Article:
For a proper astrometric analysis, we still need to identify the components Ba and Bb, as labeled by Janson et al. (2007) in their NIR images, in each of our images of AB Dor B. These authors selected component Ba to be the brightest one; however, the flux density of both stars is very variable at radio wavelengths (see Table 2) making an identification under the same criteria difficult. To break this ambiguity, and based on the similar relative position of components Ba and Bb in both the NIR and radio images, we selected the easternmost component of the radio maps to be Ba. This choice was confirmed to be correct after the analysis of the orbital motion (see Sect. 3.2). It must be noted that the appropriate registration of Ba and Bb through the three epochs is guaranteed by the use of the quasar PKS 0516621 as an external astrometric reference.

3.2. Orbit determination of AB Dor Ba/Bb

To estimate the orbital elements of AB Dor Ba/Bb, we used the positions of AB Dor Ba/Bb resulting from the astrometric analysis of our three LBA observations, both the relative positions (as measured directly on the maps shown in Fig. 2) and the absolute positions (in turn referenced to the position of the quasar PKS 0516621). We included the NIR relative positions available in the literature (Wolter et al. 2014, and references therein) in our fit. We complemented our data sets with the absolute positions reported in G06 and re-interpreted here. These authors made a first attempt to estimate the orbital elements with LBA epochs ranging from 1992 to 1996, but their least-squares analysis did not converge to any plausible solution. A possible reason for this non-convergence could be the misidentification of the only component detected, wrongly associated with AB Dor Ba at all epochs. Preliminary fits of the G06 positions along with the new ones presented in this paper show that only the positions at epochs 1992.685 (corresponding to Bb) and 1993.123 (corresponding to Ba) are compatible with the new LBA data. Accordingly, only those positions are included in our fit. The rest of the positions of AB Dor Ba/Bb in G06 are therefore not included in our analysis. Table 3 summarizes all the positions used in this work.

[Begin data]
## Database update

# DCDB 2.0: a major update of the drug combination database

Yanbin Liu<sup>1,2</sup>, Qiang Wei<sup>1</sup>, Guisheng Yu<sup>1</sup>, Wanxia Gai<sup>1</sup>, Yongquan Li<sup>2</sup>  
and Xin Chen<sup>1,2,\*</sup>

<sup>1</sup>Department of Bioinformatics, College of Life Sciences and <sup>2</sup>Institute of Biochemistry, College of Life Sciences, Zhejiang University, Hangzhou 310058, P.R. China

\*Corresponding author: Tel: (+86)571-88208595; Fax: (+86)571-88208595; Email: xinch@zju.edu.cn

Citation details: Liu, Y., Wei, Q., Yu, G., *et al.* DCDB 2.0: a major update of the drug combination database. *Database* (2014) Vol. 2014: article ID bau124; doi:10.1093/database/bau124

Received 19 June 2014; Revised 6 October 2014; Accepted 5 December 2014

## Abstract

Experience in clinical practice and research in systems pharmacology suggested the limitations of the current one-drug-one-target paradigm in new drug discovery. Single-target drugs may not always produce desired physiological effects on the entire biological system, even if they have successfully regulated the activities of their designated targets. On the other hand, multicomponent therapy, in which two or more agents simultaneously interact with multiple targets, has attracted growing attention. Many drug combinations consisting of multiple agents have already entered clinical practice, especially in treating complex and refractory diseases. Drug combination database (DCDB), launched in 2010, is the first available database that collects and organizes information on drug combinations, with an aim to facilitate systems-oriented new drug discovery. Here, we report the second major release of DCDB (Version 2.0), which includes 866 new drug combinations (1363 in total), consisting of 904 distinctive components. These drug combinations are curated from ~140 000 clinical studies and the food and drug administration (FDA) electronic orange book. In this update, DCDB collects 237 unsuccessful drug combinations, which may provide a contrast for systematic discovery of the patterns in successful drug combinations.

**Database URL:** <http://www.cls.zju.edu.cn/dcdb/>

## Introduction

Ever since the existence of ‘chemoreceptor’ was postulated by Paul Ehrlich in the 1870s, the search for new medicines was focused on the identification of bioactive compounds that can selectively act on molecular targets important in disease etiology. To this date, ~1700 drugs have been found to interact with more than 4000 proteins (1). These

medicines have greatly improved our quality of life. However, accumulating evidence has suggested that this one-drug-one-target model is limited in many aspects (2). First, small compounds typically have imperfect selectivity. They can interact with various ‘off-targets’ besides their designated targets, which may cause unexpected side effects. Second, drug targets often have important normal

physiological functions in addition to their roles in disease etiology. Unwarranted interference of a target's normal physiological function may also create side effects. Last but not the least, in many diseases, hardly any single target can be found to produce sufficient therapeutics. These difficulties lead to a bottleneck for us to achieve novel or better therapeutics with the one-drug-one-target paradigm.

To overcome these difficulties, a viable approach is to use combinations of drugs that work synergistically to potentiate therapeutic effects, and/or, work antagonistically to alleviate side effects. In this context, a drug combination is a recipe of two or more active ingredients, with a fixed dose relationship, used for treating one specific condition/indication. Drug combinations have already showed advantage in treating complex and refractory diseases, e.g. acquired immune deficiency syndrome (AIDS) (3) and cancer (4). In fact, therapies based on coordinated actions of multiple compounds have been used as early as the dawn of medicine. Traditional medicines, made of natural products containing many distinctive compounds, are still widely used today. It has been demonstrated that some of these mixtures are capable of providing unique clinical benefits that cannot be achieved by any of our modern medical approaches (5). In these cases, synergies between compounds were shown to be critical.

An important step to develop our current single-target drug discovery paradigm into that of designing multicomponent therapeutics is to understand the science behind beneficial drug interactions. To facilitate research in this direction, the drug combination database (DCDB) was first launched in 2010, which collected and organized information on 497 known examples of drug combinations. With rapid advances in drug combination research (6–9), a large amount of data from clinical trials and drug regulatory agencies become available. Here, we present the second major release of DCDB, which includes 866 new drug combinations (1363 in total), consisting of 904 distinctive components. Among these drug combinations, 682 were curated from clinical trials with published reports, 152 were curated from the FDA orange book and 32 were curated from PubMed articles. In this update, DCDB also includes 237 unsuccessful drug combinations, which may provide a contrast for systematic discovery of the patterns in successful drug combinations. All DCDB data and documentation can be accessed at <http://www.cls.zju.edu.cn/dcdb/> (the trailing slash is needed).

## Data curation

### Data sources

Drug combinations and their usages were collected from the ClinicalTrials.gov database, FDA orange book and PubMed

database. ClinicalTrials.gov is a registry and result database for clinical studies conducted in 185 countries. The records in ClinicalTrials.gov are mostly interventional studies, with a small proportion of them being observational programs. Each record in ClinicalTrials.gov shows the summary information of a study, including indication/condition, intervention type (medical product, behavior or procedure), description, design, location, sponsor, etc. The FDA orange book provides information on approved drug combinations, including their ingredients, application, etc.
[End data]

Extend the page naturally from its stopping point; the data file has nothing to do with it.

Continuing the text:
To find the astrometric and Keplerian parameters of the AB Dor B system, we selected a non-redundant data set from the positions shown in Table 3. In practice, in our fit we combined the absolute positions of AB Dor Bb and all relative positions of AB Dor Bb to AB Dor Ba. The reason for this choice is that the absolute orbit of AB Dor Bb and the relative orbit constructed using AB Dor Ba as reference (Bb–Ba) are identical, except for their semimajor axes, which are related by the mass ratio. An equivalently valid choice would have been a combination of absolute data of Ba and relative data constructed as Ba–Bb. We note that other combinations of absolute and relative data would have produced an extra difference of π radians in the longitude of the periastron (ω) between the absolute and relative orbits, which would have complicated our orbit analysis (see below). We used a least-squares fit approach similar to that described in G06, but slightly improved to deal with relative data, which we outline here.

We define the absolute position of AB Dor Bb (αBb,δBb) at epoch t through the expressions where t0 is the reference epoch, μα and μδ are the proper motions in each coordinate, Qα and Qδ are the secular perspective accelerations in each coordinate (i.e., time variation of the proper motions), π is the parallax, Pα and Pδ are the parallax factors (Green 1985), and Sα and Sδ are the absolute orbital motions of AB Dor Bb in α and δ, respectively. The acceleration terms are intended to model the long-term expected curvature of the sky trajectory of AB Dor B due to the gravitational pull of AB Dor A 9′′ away (see G06). We used the Thieles-Innes elements (A,B,F,G), which are combinations of the semimajor axis of the absolute orbit aBb, the inclination i, the longitude of the ascending node Ω, and the longitude of periastron ω. The three remaining non-linear parameters are the period P, the eccentricity e, and the time of periastron passage T0.